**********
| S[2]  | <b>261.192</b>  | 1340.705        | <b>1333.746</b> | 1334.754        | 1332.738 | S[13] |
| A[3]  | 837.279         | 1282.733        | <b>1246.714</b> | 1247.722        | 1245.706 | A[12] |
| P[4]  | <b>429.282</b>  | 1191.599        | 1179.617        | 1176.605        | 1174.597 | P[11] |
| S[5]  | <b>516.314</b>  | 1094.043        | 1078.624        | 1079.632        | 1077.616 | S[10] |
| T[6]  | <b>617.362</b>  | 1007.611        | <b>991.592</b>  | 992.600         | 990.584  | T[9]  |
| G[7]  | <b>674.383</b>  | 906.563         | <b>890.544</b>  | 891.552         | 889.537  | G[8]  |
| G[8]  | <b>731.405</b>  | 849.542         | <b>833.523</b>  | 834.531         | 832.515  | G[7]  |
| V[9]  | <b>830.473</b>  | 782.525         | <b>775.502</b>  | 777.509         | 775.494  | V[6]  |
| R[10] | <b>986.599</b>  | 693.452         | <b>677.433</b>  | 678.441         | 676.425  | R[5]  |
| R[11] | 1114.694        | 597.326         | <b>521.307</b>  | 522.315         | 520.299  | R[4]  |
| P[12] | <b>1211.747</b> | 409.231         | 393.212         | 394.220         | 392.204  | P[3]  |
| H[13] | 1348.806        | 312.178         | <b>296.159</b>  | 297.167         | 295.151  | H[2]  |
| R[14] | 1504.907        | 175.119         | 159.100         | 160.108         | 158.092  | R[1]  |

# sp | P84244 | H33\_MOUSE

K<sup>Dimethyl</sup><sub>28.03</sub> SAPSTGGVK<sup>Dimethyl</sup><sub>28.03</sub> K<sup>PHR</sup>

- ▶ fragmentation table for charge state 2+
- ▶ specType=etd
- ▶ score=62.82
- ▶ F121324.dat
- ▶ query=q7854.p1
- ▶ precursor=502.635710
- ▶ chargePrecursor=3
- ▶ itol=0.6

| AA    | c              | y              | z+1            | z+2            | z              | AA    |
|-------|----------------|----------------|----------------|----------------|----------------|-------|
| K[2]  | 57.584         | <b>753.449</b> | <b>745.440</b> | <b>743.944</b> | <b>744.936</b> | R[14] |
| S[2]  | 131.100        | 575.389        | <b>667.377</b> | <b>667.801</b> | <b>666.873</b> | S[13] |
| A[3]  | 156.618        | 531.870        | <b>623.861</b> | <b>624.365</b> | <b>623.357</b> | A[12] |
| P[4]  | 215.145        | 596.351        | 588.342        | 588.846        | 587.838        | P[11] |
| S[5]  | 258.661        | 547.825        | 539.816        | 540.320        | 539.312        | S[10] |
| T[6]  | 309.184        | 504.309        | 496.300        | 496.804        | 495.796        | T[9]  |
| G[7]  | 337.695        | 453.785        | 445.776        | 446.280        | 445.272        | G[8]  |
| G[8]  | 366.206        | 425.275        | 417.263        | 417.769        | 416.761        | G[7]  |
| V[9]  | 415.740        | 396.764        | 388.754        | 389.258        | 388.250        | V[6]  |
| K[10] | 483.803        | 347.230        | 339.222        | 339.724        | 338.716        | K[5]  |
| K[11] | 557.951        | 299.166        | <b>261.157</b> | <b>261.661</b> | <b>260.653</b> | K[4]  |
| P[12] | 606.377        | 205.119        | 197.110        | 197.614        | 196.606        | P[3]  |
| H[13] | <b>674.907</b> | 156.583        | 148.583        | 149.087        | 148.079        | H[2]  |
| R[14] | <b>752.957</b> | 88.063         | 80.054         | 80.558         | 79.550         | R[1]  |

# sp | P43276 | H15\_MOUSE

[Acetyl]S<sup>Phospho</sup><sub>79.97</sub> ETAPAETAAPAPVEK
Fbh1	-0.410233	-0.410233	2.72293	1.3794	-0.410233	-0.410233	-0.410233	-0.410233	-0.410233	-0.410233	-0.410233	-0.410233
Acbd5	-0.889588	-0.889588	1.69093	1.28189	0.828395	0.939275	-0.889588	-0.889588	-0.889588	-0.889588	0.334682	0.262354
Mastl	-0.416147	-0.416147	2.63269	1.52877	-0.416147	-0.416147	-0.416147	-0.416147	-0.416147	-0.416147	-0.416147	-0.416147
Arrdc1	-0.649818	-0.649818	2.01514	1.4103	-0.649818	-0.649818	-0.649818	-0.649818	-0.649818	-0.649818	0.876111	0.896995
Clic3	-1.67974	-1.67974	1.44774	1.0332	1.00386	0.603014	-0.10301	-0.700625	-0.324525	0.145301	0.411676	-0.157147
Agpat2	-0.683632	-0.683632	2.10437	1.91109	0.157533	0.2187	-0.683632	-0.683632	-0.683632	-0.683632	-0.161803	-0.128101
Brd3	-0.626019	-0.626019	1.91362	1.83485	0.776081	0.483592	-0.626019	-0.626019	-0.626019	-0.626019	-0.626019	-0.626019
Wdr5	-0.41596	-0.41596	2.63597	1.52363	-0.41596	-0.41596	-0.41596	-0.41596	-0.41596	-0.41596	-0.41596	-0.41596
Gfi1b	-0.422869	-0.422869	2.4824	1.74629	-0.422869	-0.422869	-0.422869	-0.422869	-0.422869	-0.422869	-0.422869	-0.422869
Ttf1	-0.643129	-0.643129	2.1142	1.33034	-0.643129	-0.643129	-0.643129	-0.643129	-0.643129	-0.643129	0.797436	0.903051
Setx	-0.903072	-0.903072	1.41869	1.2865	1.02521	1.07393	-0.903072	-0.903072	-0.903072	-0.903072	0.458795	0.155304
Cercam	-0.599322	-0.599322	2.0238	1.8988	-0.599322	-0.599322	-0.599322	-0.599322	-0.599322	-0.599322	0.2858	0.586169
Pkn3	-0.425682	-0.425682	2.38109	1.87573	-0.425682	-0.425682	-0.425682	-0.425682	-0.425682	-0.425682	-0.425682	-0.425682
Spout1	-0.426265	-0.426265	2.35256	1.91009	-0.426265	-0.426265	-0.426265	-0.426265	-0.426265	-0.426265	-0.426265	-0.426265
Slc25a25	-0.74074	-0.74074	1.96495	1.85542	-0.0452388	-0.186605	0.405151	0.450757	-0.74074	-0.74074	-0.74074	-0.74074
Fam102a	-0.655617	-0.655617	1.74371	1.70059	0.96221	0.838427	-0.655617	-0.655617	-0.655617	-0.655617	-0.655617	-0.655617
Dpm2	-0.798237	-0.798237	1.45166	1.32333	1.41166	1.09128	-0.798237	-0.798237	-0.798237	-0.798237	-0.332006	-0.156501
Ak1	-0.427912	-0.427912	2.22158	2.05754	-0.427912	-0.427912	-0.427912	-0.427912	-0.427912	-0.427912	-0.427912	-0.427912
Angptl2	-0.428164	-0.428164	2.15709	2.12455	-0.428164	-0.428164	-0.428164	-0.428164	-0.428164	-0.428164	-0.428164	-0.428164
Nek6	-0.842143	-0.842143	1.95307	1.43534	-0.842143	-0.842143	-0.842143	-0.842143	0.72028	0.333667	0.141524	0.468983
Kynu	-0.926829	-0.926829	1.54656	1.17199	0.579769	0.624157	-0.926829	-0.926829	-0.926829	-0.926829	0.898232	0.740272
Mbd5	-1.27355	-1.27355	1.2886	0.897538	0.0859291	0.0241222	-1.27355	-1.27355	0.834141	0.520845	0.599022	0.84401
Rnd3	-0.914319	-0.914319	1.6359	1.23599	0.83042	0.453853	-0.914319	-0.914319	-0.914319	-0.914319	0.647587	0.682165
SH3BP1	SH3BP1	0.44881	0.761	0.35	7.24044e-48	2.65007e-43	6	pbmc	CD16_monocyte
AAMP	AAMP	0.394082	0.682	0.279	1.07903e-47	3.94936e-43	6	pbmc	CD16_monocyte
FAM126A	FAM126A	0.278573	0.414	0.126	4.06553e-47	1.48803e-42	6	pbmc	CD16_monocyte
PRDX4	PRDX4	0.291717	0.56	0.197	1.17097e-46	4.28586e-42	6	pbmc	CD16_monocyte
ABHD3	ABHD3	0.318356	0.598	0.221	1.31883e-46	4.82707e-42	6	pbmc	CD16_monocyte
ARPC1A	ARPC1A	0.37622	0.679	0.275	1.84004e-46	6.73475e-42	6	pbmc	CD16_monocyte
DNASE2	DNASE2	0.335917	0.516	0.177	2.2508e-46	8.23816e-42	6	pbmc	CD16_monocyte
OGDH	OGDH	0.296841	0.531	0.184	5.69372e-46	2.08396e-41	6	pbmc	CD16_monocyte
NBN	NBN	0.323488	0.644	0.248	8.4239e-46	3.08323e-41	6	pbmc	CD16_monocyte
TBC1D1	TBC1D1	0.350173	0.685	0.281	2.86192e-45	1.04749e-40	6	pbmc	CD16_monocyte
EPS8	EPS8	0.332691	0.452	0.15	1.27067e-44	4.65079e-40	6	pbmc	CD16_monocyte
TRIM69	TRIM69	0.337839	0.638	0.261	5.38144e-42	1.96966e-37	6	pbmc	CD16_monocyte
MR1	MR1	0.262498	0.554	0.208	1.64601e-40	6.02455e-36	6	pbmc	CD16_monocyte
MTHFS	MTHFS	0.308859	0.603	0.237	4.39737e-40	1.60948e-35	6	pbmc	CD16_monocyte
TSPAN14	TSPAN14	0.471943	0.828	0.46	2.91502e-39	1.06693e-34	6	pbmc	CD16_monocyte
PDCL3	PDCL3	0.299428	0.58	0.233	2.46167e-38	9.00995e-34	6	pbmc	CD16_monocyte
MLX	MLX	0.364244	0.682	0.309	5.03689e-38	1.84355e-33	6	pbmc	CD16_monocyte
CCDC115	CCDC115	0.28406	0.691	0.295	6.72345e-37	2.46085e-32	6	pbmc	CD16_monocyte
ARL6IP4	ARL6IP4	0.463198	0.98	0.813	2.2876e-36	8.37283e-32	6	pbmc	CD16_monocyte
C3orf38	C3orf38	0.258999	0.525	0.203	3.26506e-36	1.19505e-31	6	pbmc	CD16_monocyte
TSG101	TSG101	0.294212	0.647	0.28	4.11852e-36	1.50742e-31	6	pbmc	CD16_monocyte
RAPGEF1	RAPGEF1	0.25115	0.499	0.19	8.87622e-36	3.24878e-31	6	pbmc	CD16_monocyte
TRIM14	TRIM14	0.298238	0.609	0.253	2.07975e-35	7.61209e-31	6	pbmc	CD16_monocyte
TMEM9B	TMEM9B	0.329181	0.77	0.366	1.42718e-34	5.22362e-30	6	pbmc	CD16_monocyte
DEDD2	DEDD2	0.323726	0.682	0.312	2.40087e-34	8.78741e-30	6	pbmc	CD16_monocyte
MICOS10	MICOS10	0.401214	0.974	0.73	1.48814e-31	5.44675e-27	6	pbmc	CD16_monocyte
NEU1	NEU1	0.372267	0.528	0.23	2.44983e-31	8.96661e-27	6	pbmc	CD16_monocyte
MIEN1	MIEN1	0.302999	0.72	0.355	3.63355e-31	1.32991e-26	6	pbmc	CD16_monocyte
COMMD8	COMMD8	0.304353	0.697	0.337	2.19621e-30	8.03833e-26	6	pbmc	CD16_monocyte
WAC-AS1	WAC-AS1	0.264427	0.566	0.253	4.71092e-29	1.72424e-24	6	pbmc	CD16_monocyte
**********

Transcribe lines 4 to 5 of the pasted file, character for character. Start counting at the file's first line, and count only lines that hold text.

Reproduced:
| S[5]  | <b>516.314</b>  | 1094.043        | 1078.624        | 1079.632        | 1077.616 | S[10] |
| T[6]  | <b>617.362</b>  | 1007.611        | <b>991.592</b>  | 992.600         | 990.584  | T[9]  |